Although this is a poem about tourism and heritage and may seem to belong to the same stable as something like FitzGerald’s “The Wind at Your Door”, its real subject I think is the relationship between the life of the present – lived on the surface of time, so to speak – and the hidden lives of the past. The tourists with their wallets and rubbish visit the little village which contains the old gaol, a perfect symbol for the hidden and slightly disreputable experiences of our lives. Another fine poem from Dragonfly Tie, “Japanese Visitors on the Walk at Circular Quay”, has a similar vertical axis. As the Japanese brides step on the names of the poets on the plaques, the fire of the poets’ words runs up along their legs, “They whisper the words so hard these girls / can hardly wait to be visited by / the chiming apples of their new husbands”. Millett’s real interest in his portraiture is the interpenetration of hidden lives. “It is a woman pulling a man / into her” may seem just a metaphor here but in reality sex is the subject that an interest in portraits, especially of the material that lies within us, almost overwhelming in its detail and complexity, is going to gravitate towards. So perhaps it is no surprise that now, at the end – or near the end – of a long career, Millett has produced a fascinating book about love and sex: about what the narrator of Lawrence Durrell’s Justine calls, “the austere mindless primitive face of Aphrodite”.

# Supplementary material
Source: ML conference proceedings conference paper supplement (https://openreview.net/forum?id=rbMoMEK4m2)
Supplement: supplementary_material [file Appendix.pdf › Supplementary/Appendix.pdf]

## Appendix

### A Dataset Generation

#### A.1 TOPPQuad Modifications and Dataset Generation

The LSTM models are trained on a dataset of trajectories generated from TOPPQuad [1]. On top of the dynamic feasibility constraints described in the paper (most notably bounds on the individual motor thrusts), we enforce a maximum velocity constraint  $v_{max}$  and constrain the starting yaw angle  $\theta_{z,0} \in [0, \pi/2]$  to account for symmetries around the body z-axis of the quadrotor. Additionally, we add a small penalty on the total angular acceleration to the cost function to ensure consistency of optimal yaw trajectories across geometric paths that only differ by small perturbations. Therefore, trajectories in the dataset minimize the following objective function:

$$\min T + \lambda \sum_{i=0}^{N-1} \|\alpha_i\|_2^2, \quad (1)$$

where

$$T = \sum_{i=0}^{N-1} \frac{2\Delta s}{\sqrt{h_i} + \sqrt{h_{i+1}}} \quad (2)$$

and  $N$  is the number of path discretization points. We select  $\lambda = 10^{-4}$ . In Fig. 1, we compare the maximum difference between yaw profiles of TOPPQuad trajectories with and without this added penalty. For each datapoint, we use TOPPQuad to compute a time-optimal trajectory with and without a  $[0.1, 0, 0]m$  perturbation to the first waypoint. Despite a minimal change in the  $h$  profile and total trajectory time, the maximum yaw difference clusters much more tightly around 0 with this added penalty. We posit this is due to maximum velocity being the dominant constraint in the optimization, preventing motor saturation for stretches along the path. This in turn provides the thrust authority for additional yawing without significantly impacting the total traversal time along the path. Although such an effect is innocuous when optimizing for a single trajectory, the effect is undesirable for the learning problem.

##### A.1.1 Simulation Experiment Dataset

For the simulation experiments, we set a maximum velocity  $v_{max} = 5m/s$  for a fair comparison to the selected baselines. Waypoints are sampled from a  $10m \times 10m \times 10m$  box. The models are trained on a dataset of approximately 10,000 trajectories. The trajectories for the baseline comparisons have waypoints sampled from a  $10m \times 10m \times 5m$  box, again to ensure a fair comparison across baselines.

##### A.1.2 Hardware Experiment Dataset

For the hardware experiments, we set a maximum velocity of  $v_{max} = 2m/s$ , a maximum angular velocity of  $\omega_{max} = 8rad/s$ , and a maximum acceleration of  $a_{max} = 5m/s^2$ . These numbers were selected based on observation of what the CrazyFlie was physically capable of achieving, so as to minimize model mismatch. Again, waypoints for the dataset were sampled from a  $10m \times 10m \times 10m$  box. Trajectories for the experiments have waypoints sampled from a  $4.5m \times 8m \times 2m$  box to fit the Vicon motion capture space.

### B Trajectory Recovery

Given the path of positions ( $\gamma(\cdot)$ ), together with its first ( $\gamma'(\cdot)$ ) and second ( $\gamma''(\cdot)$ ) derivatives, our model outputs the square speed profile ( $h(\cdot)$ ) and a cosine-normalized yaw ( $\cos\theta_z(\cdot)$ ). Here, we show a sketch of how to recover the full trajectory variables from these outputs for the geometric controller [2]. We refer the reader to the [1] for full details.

Which of her faces does Aphrodite show in Circles of Love fruitful domestic union or anarchic erotic passion? The answer is that the two are balanced or, more accurately, held in a continuous opposition. Like all the great poets of love, Millett is fascinated by the timelessness of erotic ecstasy and the way it exists in a framework of time-driven change, what one of the poems calls, “that hidden / changeling each minute makes into / another shape”. I think eroticism is our fundamental experience of this opposition and for this reason have always thought that something like Slessor’s sonnet sequence “Out of Time” has an erotic base though the poem itself gives no sign of this. Of course, ascetic medieval mystics popping in and out of trances in which they are unified with God – in order to sign the cheques and cook the meals of ordinary life – might disagree.